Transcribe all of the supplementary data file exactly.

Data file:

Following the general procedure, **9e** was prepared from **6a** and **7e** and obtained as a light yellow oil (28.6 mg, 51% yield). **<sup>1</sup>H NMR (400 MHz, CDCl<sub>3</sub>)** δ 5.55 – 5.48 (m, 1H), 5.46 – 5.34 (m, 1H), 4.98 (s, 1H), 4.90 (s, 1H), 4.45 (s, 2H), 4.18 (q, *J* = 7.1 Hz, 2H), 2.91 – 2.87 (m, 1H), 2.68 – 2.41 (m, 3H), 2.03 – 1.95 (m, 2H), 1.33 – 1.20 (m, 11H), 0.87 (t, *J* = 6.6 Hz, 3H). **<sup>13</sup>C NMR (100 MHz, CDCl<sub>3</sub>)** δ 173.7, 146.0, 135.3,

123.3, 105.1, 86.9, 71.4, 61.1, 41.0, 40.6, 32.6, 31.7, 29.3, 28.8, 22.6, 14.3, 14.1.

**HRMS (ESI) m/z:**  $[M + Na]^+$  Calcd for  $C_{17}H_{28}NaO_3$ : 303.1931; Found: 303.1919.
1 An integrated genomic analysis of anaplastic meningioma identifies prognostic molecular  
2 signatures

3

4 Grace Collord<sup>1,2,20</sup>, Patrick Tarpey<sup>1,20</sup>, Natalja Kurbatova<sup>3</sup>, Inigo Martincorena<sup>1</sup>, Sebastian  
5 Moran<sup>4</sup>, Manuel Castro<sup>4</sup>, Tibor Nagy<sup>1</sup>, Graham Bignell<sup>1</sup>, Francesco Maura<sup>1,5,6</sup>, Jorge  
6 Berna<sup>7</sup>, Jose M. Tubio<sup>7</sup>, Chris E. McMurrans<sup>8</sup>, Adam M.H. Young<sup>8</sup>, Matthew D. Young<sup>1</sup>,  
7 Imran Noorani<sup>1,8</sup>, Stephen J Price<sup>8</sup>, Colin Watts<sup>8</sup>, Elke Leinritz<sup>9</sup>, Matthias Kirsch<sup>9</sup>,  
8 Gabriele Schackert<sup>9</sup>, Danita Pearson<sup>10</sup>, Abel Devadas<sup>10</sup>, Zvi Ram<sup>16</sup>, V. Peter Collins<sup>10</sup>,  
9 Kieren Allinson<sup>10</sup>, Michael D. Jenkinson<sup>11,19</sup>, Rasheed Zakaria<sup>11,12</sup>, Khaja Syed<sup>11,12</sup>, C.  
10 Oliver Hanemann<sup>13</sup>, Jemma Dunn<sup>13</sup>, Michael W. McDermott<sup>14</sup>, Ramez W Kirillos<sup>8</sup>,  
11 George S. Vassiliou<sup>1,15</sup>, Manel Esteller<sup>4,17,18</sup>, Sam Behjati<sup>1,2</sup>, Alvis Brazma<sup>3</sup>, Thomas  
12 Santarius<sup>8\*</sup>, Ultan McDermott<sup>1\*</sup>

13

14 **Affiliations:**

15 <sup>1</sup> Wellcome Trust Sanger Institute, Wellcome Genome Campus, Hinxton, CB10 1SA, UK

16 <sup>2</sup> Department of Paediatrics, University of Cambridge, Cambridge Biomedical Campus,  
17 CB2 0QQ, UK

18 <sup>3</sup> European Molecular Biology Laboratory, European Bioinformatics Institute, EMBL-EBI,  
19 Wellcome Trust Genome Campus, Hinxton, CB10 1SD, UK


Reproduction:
Following the general procedure, **9e** was prepared from **6a** and **7e** and obtained as a light yellow oil (28.6 mg, 51% yield). **<sup>1</sup>H NMR (400 MHz, CDCl<sub>3</sub>)** δ 5.55 – 5.48 (m, 1H), 5.46 – 5.34 (m, 1H), 4.98 (s, 1H), 4.90 (s, 1H), 4.45 (s, 2H), 4.18 (q, *J* = 7.1 Hz, 2H), 2.91 – 2.87 (m, 1H), 2.68 – 2.41 (m, 3H), 2.03 – 1.95 (m, 2H), 1.33 – 1.20 (m, 11H), 0.87 (t, *J* = 6.6 Hz, 3H). **<sup>13</sup>C NMR (100 MHz, CDCl<sub>3</sub>)** δ 173.7, 146.0, 135.3,

123.3, 105.1, 86.9, 71.4, 61.1, 41.0, 40.6, 32.6, 31.7, 29.3, 28.8, 22.6, 14.3, 14.1.

**HRMS (ESI) m/z:**  $[M + Na]^+$  Calcd for  $C_{17}H_{28}NaO_3$ : 303.1931; Found: 303.1919.
1 An integrated genomic analysis of anaplastic meningioma identifies prognostic molecular  
2 signatures

3

4 Grace Collord<sup>1,2,20</sup>, Patrick Tarpey<sup>1,20</sup>, Natalja Kurbatova<sup>3</sup>, Inigo Martincorena<sup>1</sup>, Sebastian  
5 Moran<sup>4</sup>, Manuel Castro<sup>4</sup>, Tibor Nagy<sup>1</sup>, Graham Bignell<sup>1</sup>, Francesco Maura<sup>1,5,6</sup>, Jorge  
6 Berna<sup>7</sup>, Jose M. Tubio<sup>7</sup>, Chris E. McMurrans<sup>8</sup>, Adam M.H. Young<sup>8</sup>, Matthew D. Young<sup>1</sup>,  
7 Imran Noorani<sup>1,8</sup>, Stephen J Price<sup>8</sup>, Colin Watts<sup>8</sup>, Elke Leinritz<sup>9</sup>, Matthias Kirsch<sup>9</sup>,  
8 Gabriele Schackert<sup>9</sup>, Danita Pearson<sup>10</sup>, Abel Devadas<sup>10</sup>, Zvi Ram<sup>16</sup>, V. Peter Collins<sup>10</sup>,  
9 Kieren Allinson<sup>10</sup>, Michael D. Jenkinson<sup>11,19</sup>, Rasheed Zakaria<sup>11,12</sup>, Khaja Syed<sup>11,12</sup>, C.  
10 Oliver Hanemann<sup>13</sup>, Jemma Dunn<sup>13</sup>, Michael W. McDermott<sup>14</sup>, Ramez W Kirillos<sup>8</sup>,  
11 George S. Vassiliou<sup>1,15</sup>, Manel Esteller<sup>4,17,18</sup>, Sam Behjati<sup>1,2</sup>, Alvis Brazma<sup>3</sup>, Thomas  
12 Santarius<sup>8\*</sup>, Ultan McDermott<sup>1\*</sup>

13

14 **Affiliations:**

15 <sup>1</sup> Wellcome Trust Sanger Institute, Wellcome Genome Campus, Hinxton, CB10 1SA, UK

16 <sup>2</sup> Department of Paediatrics, University of Cambridge, Cambridge Biomedical Campus,  
17 CB2 0QQ, UK

18 <sup>3</sup> European Molecular Biology Laboratory, European Bioinformatics Institute, EMBL-EBI,  
19 Wellcome Trust Genome Campus, Hinxton, CB10 1SD, UK